Tricia Wang’s keynote ‘Design in a Wiggly World of Mirrors, Virtual Reality and Big Data’ opened the final day of Interaction 16. The fast paced, engaging talk challenged the notion of perspectives when designing. Tricia highlighted the importance of context over content during the design phase. Tricia cautioned that concepts such as big data and VR, whilst seemingly objective, inevitably contain some reflection of their original creator.

‘When Everything goes to Hell in a Handbasket’ by Scott Plewes and Barb Spanton, offered a 5 point plan on how to re-evaluate a project after disaster strikes. Suggesting that re-orientation and transparency can provide a route back to calmer waters.

Mercedes-Benz designer Ricardo Aguilar gave an insight into the connected car. His talk ‘Designing Experiences for the Connected Car’, outlined the automotive experience in 3 environments; before, during and after driving. Furthermore the talk provided an insight into potential future developments such as vehicle to infrastructure and vehicle to vehicle connectivity.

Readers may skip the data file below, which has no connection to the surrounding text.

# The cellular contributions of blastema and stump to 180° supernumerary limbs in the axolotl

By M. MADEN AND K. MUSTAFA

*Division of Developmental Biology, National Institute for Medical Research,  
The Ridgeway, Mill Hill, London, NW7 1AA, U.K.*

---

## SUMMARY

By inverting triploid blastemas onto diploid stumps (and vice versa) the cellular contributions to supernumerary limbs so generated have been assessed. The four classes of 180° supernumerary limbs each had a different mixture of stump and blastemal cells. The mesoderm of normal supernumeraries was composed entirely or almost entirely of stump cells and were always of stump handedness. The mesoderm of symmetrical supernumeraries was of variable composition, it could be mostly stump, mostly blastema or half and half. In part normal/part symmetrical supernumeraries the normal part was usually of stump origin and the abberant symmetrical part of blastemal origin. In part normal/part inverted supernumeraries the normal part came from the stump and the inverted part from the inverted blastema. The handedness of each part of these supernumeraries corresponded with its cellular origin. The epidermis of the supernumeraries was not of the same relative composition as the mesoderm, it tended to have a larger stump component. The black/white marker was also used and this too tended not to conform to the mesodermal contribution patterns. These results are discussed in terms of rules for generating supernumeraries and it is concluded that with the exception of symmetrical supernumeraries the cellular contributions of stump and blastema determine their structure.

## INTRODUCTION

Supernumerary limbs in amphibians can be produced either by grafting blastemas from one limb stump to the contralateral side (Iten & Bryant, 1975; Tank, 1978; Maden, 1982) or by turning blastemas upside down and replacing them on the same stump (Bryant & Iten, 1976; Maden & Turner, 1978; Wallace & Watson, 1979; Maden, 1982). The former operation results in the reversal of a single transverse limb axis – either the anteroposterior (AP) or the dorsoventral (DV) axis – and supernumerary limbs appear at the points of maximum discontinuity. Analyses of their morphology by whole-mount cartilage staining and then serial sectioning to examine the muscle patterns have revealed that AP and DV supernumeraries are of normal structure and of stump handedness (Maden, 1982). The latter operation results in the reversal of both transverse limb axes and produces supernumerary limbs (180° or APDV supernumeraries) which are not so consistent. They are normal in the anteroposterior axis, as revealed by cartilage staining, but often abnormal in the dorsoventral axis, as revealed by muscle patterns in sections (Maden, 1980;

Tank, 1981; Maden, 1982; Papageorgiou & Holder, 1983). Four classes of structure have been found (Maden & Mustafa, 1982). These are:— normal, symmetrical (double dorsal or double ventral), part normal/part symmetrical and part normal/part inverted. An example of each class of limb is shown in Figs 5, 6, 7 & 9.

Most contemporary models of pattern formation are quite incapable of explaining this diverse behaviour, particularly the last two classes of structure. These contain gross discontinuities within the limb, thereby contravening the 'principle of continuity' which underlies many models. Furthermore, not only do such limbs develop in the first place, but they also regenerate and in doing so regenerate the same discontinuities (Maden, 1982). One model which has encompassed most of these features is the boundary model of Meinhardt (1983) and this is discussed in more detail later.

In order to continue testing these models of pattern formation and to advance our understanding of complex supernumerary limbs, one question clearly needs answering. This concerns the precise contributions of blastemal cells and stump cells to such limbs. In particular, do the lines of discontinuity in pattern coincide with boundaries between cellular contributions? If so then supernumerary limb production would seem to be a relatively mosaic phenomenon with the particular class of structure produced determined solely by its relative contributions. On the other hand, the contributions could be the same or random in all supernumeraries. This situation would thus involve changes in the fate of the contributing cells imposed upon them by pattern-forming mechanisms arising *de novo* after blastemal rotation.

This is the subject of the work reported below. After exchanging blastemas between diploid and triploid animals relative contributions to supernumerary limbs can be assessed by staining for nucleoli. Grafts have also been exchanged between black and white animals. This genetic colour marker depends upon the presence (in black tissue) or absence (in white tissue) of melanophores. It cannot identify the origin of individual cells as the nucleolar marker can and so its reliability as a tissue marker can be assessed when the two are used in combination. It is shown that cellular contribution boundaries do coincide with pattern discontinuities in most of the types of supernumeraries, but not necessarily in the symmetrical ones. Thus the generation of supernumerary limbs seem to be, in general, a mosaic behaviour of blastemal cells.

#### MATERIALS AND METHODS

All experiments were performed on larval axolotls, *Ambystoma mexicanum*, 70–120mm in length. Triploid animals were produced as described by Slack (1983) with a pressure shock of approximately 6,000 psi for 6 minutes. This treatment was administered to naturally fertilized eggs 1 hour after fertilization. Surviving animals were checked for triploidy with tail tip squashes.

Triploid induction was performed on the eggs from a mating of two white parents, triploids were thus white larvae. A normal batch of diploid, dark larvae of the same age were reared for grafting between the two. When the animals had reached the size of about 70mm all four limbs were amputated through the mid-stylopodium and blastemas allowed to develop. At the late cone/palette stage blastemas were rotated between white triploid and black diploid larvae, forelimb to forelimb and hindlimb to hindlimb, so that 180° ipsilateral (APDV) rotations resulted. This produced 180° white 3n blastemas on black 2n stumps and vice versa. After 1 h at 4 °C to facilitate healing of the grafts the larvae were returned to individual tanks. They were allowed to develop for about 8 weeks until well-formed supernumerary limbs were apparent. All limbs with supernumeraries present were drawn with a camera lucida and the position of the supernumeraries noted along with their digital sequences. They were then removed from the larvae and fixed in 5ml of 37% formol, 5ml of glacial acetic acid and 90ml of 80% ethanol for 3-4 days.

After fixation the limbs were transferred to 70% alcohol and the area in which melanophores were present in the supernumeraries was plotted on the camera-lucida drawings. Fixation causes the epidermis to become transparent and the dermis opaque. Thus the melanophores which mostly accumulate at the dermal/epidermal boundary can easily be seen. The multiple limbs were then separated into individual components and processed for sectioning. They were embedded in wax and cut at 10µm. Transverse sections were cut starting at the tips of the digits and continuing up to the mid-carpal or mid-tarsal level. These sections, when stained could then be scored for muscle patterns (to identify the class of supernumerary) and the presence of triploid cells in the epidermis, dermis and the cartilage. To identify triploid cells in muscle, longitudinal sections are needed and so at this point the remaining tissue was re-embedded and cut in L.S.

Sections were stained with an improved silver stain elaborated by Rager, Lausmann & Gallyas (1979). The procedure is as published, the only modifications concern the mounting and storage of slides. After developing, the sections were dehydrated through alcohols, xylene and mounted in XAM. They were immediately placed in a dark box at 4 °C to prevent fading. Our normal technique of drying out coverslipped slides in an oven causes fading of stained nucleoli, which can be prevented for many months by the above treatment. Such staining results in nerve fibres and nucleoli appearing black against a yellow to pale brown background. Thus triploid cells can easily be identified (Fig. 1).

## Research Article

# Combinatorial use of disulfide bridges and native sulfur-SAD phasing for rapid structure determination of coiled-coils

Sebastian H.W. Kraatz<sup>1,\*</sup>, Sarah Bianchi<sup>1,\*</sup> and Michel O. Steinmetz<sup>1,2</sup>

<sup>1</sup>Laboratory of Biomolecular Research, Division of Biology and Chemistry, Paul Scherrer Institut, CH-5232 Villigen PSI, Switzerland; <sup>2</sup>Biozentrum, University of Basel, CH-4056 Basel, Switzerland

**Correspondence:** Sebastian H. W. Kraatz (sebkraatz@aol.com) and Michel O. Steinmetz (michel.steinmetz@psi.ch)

Sol Mesz gave an insight into designing for a multi-touchpoint, multi-device future. In a market where users start a task on one device and finish it on another, creating a seamless experience between devices could be key not only for users, but for businesses as well. The talk covered the 4 dimensions needed to successfully design the multi-screen experience: product, user, context and experience (an approach not dissimilar to that we advocated in our ‘Making Technology Disappear’ white paper on the same topic!). Sol encouraged designers not to limit themselves to devices or screen, but to considering the ecosystem of devices in which users operate.

The final keynote of Interaction 16 was Architect and Humanitarian Cameron Sinclair, with his captivating talk ‘Design for Life’. Drawing on his own experiences within the world of architecture, Cameron encouraged all designers make a difference to those less fortunate than ourselves. Using the provocative statement, ‘Designers are in the top creative and intellectual 1% of the world. If they are engaging in any form of charity that doesn’t involve their design skill, they are wasting everyone’s time.’

On a personal level I thoroughly enjoyed Interaction 16, the level of speakers was sublime and would like to personally thank IXDA.org for making it possible. Bring on Interaction 17 in New York!